I have ended each of my podcasts with the words, "be kind and thoughtful." Certainly it's my intention to have people who listen to my podcast consider those words as they go about their days but I want to acknowledge that I'm saying those words to myself; I often neglect being kind and am constantly thoughtless in word and action. These days it's so easy to forget what other people go through, what others endure and so often we judge each other based on our limited assumptions of what is right for others with no consideration for their personal experience and feelings; we assume much about others based unsophisticated understandings of what their life is. I use that as a preamble to my following message; it's not related directly but in some ways should be a throughline of anything we encounter.
My heart goes out to the friends and family of the victims of the Orlando shooting at the Pulse Night Club. The pain and suffering you are going through right now is unimaginable. I'm sure every common thing that can be said about death will be said to you ad nauseum in the coming years, but there are lots of people that grieve with you, who are your allies, who will stand with you despite what may seem like the stunning silence of millions. My family and I count ourselves among those who have cried with you and in some other city, on some other day may have been in that very same club dancing with your loved ones.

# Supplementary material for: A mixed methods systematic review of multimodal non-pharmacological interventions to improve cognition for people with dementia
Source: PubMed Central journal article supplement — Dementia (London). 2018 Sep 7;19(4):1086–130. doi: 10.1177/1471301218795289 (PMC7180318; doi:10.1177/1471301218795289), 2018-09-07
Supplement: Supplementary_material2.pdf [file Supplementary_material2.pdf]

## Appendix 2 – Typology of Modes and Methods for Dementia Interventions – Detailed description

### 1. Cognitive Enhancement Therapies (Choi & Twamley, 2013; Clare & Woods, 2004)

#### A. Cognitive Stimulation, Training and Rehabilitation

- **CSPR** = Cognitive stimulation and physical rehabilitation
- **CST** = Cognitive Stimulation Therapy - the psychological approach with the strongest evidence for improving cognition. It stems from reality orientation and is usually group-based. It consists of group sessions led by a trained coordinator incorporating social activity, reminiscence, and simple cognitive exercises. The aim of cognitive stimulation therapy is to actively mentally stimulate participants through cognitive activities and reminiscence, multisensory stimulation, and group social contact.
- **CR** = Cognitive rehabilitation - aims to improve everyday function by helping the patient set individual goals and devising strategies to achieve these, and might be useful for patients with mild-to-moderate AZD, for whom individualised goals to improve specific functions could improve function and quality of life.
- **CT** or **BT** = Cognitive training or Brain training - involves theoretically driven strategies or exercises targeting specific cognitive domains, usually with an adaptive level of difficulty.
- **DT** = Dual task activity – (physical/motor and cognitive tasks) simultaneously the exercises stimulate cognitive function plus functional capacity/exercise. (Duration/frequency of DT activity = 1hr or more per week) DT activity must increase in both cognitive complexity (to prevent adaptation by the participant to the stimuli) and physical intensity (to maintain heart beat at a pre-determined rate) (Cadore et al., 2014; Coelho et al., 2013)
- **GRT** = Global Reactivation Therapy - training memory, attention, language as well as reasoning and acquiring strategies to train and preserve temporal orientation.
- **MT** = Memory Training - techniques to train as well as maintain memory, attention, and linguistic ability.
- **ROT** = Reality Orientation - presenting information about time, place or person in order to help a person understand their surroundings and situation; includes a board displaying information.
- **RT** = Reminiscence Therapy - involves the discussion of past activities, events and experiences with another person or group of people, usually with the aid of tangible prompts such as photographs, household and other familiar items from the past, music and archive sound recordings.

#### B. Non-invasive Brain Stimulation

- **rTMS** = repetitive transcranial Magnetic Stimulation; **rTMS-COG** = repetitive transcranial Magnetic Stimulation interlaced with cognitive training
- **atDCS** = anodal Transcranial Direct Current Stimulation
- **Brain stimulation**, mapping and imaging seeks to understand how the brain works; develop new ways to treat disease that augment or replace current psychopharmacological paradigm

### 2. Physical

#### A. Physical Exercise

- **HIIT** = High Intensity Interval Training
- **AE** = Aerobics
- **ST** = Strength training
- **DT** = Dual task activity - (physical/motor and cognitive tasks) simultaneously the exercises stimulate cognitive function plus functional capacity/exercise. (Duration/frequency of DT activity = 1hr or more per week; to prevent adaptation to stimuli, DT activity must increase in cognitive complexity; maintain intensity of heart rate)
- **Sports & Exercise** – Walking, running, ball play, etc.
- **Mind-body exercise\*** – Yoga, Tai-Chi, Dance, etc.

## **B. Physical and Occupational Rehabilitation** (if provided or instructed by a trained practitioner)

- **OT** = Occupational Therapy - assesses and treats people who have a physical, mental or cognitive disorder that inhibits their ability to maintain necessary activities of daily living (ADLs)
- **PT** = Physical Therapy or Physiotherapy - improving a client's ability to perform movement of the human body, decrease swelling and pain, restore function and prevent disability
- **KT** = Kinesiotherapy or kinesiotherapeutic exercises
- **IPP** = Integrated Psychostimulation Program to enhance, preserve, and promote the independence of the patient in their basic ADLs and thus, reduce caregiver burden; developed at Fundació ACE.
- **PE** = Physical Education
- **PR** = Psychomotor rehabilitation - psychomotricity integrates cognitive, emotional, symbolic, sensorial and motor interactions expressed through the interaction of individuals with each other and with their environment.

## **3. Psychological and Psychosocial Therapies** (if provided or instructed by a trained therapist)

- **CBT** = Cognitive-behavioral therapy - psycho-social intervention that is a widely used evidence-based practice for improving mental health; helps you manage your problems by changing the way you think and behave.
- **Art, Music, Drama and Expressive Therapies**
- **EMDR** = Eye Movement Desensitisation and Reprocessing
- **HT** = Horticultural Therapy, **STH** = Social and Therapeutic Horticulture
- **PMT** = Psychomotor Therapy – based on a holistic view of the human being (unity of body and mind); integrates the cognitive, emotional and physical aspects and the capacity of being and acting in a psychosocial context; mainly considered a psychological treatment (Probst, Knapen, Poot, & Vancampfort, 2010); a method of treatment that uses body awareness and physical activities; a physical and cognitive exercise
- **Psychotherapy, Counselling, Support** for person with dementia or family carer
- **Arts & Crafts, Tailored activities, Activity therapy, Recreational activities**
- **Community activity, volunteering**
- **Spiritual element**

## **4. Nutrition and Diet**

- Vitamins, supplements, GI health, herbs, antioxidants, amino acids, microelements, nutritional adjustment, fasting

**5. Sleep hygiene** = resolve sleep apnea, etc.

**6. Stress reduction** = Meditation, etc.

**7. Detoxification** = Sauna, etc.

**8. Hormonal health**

I have a conversation with Neil Polzin, a board member for Camp Quest, Inc. and camp director for the Southern California session of Camp Quest West, a secular summer camp for kids of nonreligious families. He just returned from the Reason Rally in Washington D.C., a rally promoting reason and freethought to our nation's law makers. Neil spent a few days lobbying his congressional representatives about real sex education to counter abstinence-only education and talking to people about Camp Quest. We unpack all his experiences from his trip day by day where at one point, he nearly shared a stage with the Wu-Tang Clan, in front of a crowd of ten thousand. I ask Neil about his experience being ousted from the Boy Scouts when he admitted to being an atheist. I rant about my podcast post on the TNT2E Facebook page being targeted by trolls working for Donald Trump.
For the last few weeks, I've been editing the podcast of Luke Storey, founder of a school for fashion stylists, School of Style. Luke is an interesting guy who pulled himself out of a life of drugs and depravity by engaging in every possible self-help, spiritual, herbal, nutritional, and lifestyle solution he could get his hands on. He's launching a podcast about all the things he's tried called The Life Stylist. This first episode is his life story and the next episodes, that drop once a day for the next ten days, are interviews with people who are behind the practices he's tried out. Help keep me employed by giving it a listen then rate, review and recommend.